In the official newspaper of the Diocese of Columbus, OH, there is an interesting notice from the Office of Worship.
It is a brief piece, and therefore cannot drill to depth, but it is useful nonethess.
And the topic couldn’t be a better one.
Music in the Catholic Church can be divided into two categories.
Liturgical music is appropriate for a Mass or any other ritual action that is under the jurisdiction of the diocesan bishop. Devotional (worship) music is music that has been produced to be used in worshiping God, but not in a liturgical setting.
The third edition of the General Instruction of the Roman Missal suggests [I think it does more than suggest…] that Gregorian chant is proper to the Roman Liturgy and should be regarded as the music that is proper to a liturgical setting. It also says that other types of music, such as polyphony, are appropriate if they “correspond to the spirit of the liturgical action” and “foster the participation of all the faithful.” [We have to understand what "participation" really means, when it comes to music. Participation isn’t only through everyone singing everything. That requires music which is simplistic. A deeper participation is possible by some (well-trained) people singing (artistic sacred liturgical music) to which others carefully listen.] Going hand in hand with the types of music used for liturgy is the types of instrumentation used. In a later paragraph, the Instruction states that the preferred instrument for liturgy is the organ. Other wind, stringed or percussion instruments may be used as long as they can be rendered “truly apt for sacred use.” [Some instruments have connotations which shift only slowly. Some cannot fill a large space without amplification.]
In other words, liturgical music should adhere to, and be used within, the context for which it was created. Liturgical music, traditionally, has been written for the organ or for the small ensemble of instruments it is designed to mimic. Many pieces have been written to include both the organ and the ensemble. Instruments that do not require amplification are preferred within the liturgy. This is so that we may complement the sacrifice of Jesus Christ with our own sacrifices. It takes more work to create music that can properly fill the church without amplification. Any instrument that requires amplification is a failure to live up to our prayer that this sacrifice of not only the bread and wine but our labor to give glory and praise is truly the work of our human hands. [Still.. the bagpipe, which will fill a space, doesn’t have a liturgical connotation.]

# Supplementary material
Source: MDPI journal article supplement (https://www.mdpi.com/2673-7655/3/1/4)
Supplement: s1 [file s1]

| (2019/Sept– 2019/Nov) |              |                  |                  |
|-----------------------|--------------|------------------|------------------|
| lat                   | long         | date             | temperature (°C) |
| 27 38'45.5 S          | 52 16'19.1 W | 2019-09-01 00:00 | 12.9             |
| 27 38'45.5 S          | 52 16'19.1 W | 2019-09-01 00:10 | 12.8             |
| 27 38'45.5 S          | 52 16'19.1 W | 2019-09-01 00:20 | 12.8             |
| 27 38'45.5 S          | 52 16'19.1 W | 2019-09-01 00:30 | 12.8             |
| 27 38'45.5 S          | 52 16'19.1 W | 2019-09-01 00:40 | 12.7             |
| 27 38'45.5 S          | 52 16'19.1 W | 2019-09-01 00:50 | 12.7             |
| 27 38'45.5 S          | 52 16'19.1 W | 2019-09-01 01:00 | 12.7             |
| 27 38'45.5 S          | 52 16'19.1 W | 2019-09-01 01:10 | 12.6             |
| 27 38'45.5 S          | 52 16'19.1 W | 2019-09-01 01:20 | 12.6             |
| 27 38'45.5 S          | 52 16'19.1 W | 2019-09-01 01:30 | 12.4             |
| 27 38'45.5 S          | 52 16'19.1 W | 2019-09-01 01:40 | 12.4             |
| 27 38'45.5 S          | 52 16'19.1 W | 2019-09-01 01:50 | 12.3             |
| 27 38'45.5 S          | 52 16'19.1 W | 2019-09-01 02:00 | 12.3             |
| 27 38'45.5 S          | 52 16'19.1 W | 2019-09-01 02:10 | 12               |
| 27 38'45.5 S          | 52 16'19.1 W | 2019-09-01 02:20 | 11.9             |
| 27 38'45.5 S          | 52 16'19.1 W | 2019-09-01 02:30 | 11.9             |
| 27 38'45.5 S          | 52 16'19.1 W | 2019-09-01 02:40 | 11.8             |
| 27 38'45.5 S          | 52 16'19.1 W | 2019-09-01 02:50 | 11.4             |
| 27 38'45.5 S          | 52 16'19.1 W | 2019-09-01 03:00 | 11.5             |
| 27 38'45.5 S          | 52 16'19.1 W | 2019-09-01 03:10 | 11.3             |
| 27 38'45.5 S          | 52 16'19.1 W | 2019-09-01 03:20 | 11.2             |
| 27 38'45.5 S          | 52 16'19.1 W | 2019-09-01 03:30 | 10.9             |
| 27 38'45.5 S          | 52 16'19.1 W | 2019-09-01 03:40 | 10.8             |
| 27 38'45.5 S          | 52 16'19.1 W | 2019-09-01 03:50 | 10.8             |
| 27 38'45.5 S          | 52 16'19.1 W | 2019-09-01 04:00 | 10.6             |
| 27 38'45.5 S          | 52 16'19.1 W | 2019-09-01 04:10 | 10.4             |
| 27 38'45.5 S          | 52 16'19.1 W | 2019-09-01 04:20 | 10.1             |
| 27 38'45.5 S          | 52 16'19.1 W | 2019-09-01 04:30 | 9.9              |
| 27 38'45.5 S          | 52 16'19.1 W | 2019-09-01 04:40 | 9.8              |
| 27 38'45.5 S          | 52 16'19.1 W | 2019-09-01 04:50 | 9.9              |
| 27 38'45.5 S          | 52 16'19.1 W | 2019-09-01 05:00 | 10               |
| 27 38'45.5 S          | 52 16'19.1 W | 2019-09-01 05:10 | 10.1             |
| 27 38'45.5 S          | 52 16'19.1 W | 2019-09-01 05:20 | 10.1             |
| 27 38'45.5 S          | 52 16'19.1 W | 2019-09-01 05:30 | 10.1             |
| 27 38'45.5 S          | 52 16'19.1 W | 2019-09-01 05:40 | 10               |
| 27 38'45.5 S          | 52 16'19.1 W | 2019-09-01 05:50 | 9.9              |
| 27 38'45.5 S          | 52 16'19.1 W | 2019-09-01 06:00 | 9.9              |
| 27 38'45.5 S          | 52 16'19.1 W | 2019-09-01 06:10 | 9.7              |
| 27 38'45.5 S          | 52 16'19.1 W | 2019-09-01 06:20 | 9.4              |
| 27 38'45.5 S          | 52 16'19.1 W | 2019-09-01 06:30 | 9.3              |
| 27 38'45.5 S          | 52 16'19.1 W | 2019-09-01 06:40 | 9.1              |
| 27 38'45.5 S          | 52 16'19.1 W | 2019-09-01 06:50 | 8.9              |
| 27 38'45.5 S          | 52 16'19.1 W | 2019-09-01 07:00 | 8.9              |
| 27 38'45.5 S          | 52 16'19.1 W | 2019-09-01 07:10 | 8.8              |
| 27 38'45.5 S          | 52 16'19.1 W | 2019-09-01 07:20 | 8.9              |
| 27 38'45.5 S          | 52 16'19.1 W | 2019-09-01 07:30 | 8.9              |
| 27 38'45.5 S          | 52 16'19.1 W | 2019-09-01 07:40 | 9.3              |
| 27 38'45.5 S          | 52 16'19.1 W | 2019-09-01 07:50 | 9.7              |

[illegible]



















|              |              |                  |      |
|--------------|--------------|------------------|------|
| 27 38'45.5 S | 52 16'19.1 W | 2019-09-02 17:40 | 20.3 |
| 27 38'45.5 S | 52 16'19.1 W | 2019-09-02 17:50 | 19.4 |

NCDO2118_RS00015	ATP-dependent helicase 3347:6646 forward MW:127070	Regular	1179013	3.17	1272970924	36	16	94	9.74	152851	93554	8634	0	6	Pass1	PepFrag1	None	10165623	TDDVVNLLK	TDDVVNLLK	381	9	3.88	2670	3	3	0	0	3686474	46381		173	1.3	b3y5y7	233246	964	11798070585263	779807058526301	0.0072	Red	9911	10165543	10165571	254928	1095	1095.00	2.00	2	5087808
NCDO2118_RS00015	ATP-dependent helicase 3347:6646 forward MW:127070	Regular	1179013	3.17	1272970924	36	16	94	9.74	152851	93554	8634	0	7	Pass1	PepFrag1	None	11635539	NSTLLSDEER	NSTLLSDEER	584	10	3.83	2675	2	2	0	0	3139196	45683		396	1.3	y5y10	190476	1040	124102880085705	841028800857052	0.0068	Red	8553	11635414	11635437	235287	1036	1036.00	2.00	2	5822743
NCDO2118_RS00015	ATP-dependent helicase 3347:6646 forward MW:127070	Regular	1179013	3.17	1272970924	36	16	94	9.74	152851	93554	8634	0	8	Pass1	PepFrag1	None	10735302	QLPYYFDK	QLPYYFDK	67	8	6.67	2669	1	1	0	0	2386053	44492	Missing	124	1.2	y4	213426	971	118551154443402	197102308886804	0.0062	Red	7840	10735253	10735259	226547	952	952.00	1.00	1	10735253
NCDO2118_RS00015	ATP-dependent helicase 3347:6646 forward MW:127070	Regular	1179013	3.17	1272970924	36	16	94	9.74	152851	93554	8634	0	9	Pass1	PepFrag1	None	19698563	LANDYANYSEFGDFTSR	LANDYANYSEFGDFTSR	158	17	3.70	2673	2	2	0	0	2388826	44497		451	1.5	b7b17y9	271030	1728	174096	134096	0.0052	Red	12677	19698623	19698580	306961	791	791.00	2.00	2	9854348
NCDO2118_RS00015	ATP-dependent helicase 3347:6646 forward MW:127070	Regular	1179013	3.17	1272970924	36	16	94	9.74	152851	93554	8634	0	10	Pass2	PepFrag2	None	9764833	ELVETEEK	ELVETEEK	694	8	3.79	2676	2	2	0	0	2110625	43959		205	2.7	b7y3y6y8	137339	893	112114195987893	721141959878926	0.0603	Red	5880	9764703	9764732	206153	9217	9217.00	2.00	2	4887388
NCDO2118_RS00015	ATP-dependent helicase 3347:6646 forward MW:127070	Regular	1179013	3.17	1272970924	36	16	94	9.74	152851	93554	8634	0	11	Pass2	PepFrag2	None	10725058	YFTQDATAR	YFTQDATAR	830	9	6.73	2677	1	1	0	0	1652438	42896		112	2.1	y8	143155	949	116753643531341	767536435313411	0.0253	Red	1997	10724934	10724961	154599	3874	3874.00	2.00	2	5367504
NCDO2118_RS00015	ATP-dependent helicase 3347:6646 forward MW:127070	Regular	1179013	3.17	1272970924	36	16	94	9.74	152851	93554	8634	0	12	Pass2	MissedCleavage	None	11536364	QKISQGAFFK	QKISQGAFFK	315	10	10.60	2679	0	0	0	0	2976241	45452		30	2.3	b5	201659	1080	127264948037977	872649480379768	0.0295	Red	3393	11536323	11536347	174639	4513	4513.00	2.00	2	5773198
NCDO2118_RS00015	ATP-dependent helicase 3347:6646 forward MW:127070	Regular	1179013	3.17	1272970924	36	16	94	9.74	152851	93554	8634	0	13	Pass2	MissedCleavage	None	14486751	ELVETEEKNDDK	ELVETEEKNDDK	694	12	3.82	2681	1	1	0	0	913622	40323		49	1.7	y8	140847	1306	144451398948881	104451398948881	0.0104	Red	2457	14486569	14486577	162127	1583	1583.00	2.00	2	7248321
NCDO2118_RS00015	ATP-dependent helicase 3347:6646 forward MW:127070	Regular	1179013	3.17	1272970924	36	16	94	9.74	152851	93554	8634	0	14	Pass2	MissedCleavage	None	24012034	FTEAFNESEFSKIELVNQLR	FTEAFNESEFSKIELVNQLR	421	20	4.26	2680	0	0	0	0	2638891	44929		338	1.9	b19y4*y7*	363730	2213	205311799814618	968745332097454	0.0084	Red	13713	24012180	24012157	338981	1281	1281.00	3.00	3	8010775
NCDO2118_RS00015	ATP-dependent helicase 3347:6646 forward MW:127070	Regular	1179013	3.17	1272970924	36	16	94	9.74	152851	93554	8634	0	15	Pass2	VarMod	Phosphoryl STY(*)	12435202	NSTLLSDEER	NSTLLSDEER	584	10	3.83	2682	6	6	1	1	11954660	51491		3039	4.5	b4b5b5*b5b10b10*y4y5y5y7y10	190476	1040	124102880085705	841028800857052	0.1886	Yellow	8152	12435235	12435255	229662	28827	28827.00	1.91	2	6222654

Devotional music and authentic devotion is supposed to lead us back to the mystery of the Mass and to draw us deeper into the mystery of Christ. As we said last week, authentic devotion can be done anywhere. [Except, musically, in the context of Mass, as the writer was explaining.]
Therefore, devotional music can exist anywhere. Whether we are caught in a traffic jam, shopping or participating in the parish charismatic praise and worship group, this music keeps Christ fresh in our minds. It also helps to lead us into a greater understanding of our participation in the gift of life. Like devotion in general, devotional music takes a free form and can be played with a variety of instruments. Amplification is not an issue with devotional music because the assembly is usually smaller, [hmmm… how about for rallies of young people?] and the sense of sacrifice reserved for the Mass is replaced with the idea of giving praise and thanksgiving to God for his many gifts.
Since devotional music is intended for a smaller group, [hmmm] this community should have greater control over what types of music and instruments are played. The devotional setting is the proper place for instruments such as guitars and for groups that prefer to play “rock” style music. [Exactly, though not so much because the group is smaller.]
Christian “praise bands”, and the songs that they play should be reserved for the devotions of the Church. This is so that the people attending may participate as they wish. A question that should be answered before devotional music is used, and before authentic devotion may take place is; “How does this activity lead us back to the life, death and resurrection of Christ that is present in the Mass?”
Next week, we will complete this series of articles by discussing the prayers of the Church when it comes to liturgy and devotion, and also the places where liturgy and devotion take place.